Hank Aaron Stadium

dscn7572.jpgA little over week ago, I began writing about my recent trip to Alabama, where I visited the Negro Southern League Museum and the Mobile BayBears. But that was before the trade deadline, before they traded Jonathan Schoop, another of my favorite Orioles and the other half of the Machado-Schoop bromance. (Obviously, I’m still not over it.)

Today and tomorrow, I’ll finally finish my tale of baseball in Alabama and my visit to the Mobile BayBears, who will be relocating to Madison, AL, in 2020. They’ve done a phenomenal job of preserving baseball history at Hank Aaron Stadium in Mobile. Not only did they move Hank Aaron’s childhood home from Toulminville, AL, to the stadium grounds, but they have several historical exhibits around the stadium.

For starters, check out the pictures of Hank Aaron’s childhood home:

Throughout the stadium concourse, there are actual stadium seats from current and former baseball stadiums around the country. First, there’s Fulton County Stadium, where Hank Aaron hit his 715th home run to break Babe Ruth’s record:

Next, we stumbled upon seats from Wrigley Field, although it’s unclear exactly why they were there:



Finally, there are seats from Milwaukee County Stadium, where Hank Aaron started his career with the Milwaukee Braves and ended it with the Milwaukee Brewers:


Stay tuned for more about the Mobile BayBears tomorrow!

~ baseballrebecca


Baseball in Alabama

IMG_2225Since we were traveling to Georgia to attend a family event, we decided we may as well make a few stops in Alabama as well and check out some baseball history. It did not take long as we stumbled upon a cool exhibit almost as soon as we deplaned and walked through the airport. The Alabama Sports Hall of Fame and Museum has a small exhibit and a gift shop at the intersection of concourses B and C in Birmingham-Shuttlesworth International Airport. The exhibit highlights Hank Aaron, Frank Thomas, Ozzie Smith, and Bo Jackson, as well as some non-baseball folks. The ASHOF was not on my itinerary this trip, as I had been there several years ago. Nonetheless, its a must-see for any Alabama baseball pilgrimage.

After the unexpected baseball exhibit in the airport, we made our way downtown toward Regions Field, home of the Birmingham Barons. I’d visited this stadium a few years back as well, and was extremely impressed.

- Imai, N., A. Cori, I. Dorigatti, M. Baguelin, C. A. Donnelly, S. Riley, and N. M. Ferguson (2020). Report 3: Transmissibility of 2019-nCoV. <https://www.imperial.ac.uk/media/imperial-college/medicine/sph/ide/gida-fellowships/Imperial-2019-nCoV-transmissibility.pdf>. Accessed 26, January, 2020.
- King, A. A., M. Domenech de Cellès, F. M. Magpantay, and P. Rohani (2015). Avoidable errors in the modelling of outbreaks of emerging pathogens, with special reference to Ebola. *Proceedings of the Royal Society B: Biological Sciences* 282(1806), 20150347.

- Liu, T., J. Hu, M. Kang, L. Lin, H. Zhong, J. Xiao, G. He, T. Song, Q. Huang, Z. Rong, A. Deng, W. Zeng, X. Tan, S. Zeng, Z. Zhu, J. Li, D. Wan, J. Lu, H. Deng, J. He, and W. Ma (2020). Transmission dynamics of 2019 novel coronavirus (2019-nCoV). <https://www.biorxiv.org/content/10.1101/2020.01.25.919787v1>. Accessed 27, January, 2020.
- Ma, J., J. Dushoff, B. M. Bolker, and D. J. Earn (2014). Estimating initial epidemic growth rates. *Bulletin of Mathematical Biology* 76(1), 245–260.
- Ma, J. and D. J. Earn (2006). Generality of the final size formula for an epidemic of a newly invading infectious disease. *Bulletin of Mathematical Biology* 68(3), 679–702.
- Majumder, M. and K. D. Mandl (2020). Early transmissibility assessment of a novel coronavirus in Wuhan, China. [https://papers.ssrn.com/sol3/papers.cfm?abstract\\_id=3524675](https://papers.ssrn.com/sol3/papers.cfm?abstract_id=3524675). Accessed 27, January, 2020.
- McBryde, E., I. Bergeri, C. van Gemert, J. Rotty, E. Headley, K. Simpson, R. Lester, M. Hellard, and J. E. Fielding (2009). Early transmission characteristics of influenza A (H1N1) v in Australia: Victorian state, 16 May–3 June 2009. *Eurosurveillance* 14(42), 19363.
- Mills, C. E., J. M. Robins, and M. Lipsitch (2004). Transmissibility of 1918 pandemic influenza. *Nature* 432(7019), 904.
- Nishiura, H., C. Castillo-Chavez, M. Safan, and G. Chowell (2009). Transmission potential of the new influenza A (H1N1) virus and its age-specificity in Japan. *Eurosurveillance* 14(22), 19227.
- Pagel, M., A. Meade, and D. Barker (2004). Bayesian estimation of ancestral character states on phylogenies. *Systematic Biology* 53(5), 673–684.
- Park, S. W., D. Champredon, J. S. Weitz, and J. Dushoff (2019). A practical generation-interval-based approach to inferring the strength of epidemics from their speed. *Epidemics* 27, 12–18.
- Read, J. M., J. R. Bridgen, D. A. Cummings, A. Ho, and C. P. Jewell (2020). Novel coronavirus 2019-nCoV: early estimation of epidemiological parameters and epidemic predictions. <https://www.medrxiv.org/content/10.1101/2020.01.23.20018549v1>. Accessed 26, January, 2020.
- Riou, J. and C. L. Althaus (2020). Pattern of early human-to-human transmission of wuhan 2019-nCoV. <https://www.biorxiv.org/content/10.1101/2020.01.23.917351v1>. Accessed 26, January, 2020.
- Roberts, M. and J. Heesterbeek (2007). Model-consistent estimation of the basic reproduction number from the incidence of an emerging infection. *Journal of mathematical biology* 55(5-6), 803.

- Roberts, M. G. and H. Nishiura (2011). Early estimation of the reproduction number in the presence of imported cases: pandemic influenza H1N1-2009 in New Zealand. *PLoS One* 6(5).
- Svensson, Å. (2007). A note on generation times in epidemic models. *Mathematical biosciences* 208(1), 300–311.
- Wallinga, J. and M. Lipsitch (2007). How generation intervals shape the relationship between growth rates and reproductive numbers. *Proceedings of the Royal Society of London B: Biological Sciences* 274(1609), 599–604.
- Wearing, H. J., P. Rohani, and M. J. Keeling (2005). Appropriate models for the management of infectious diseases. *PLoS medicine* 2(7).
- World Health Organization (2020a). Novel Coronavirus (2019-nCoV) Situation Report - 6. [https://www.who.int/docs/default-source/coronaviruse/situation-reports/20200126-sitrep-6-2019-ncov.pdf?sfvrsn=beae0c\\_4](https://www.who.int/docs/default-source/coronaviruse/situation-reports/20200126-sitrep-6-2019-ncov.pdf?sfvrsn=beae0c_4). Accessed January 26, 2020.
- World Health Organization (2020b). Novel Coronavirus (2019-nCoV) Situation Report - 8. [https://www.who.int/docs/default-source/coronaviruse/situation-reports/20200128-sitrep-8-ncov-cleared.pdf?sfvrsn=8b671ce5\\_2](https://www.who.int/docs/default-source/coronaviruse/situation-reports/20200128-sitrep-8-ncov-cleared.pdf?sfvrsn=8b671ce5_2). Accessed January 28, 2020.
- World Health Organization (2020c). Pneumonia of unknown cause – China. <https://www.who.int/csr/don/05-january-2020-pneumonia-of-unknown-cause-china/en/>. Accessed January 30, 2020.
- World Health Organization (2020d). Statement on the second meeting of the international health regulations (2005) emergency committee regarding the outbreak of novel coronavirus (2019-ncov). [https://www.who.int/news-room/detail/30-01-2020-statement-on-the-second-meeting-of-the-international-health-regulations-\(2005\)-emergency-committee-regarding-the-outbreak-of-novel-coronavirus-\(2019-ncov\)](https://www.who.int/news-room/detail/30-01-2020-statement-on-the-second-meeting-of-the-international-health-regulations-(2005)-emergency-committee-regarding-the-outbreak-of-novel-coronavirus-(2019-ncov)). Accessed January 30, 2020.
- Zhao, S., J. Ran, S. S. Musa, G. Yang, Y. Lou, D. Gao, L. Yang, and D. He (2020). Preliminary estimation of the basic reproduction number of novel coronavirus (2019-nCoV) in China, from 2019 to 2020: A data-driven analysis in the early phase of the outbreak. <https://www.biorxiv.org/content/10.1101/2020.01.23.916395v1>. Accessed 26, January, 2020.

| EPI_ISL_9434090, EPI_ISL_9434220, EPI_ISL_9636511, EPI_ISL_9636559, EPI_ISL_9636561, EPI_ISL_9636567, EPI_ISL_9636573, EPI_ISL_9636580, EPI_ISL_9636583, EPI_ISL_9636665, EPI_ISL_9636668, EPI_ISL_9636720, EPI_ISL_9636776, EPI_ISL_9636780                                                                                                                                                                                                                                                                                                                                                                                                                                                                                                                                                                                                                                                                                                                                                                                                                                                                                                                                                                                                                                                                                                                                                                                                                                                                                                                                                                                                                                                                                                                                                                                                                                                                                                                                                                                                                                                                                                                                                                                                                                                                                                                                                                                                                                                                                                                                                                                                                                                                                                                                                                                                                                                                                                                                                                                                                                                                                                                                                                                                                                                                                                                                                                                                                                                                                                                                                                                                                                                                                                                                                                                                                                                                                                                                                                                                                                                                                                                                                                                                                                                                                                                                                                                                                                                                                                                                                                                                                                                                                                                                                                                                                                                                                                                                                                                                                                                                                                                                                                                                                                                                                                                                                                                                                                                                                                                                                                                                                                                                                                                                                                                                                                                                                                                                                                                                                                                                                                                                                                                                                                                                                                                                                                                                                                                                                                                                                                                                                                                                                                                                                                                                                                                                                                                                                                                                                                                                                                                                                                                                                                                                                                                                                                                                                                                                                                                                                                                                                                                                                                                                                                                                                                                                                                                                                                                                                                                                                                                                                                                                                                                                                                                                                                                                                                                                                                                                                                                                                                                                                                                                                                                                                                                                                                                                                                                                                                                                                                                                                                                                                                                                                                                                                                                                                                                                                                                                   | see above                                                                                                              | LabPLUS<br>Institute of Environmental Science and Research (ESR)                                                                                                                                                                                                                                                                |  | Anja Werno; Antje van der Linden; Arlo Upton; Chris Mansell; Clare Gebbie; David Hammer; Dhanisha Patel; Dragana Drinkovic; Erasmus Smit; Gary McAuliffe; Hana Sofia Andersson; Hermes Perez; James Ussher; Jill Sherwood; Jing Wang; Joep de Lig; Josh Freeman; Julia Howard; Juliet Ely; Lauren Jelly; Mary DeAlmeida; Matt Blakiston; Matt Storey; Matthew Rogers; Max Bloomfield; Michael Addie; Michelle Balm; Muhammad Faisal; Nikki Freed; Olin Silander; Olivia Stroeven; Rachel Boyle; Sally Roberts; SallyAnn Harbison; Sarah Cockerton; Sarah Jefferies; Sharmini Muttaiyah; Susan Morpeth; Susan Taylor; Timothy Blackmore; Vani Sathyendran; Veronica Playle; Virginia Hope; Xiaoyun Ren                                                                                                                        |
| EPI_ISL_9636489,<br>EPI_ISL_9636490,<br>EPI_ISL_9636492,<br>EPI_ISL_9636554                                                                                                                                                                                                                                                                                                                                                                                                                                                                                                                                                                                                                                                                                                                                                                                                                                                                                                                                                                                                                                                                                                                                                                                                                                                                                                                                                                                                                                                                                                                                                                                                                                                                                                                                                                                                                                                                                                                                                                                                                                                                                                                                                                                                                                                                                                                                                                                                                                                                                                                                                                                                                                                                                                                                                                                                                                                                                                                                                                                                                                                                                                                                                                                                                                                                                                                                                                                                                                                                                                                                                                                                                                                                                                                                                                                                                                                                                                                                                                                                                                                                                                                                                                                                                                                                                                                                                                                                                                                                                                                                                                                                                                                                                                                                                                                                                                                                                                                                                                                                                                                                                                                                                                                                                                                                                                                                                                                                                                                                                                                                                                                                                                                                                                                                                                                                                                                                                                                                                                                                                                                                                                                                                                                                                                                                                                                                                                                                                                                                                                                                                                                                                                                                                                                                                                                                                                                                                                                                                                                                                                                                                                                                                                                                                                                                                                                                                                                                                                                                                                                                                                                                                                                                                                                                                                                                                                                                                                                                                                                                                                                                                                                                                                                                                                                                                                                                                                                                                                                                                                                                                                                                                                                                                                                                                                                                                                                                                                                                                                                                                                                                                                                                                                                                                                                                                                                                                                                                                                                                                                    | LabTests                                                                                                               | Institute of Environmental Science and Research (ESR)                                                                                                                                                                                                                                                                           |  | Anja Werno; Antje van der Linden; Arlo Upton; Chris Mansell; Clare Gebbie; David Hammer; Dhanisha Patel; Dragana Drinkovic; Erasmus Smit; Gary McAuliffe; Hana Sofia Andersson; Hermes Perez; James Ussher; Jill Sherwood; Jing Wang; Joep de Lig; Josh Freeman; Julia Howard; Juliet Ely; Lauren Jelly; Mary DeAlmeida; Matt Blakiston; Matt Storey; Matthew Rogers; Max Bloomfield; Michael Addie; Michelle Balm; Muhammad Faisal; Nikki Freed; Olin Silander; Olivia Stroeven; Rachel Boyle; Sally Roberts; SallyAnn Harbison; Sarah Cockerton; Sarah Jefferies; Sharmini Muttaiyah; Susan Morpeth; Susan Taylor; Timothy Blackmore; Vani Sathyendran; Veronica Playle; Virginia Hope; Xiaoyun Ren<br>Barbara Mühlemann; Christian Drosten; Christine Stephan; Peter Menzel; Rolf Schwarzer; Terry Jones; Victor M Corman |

DSCN7558Our primary objective for this trip, however, was the Negro Southern League Museum, which is just down the street from Regions Field. We parked the car near Railroad Park, a recreational area downtown, and made our way toward the museum. On our way, we noted that a portion of 1st street, which borders the park, is dedicated to Willie Mays.

Just down the street from the park is the Negro Southern League Museum, which is is absolutely awesome! Tomorrow’s post is dedicated to my visit to this must-see baseball museum.

~ baseballrebecca


Films on Friday: Wally Yonamine

In honor of Wally Yonamine’s birthday on Sunday, and to celebrate the 24th anniversary of his induction into the Japanese Baseball Hall of Fame, I’ve posted a video of him discussing introducing the aggressive American-style of play to Japanese baseball:


Happy Friday!

~ baseballrebecca

Rockford Peaches v. Peoria Redwings

Recently, the Louise Pettus Archives at Winthrop University uploaded videos from their collection to their YouTube channel, including the one I’ve posted below. The Pettus Archives maintains several resources related to the All-American Girls Professional Baseball League, including videos, photos, and the papers of several AAGPBL players. If I’m ever in Rock Hill, South Carolina, I’ll have to stop by and check out their collection!

~ baseballrebecca

Pepper Street

Robinson home at 121 Pepper Street, Pasadena, CA (photo courtesy of Hulton Archive via Getty Images)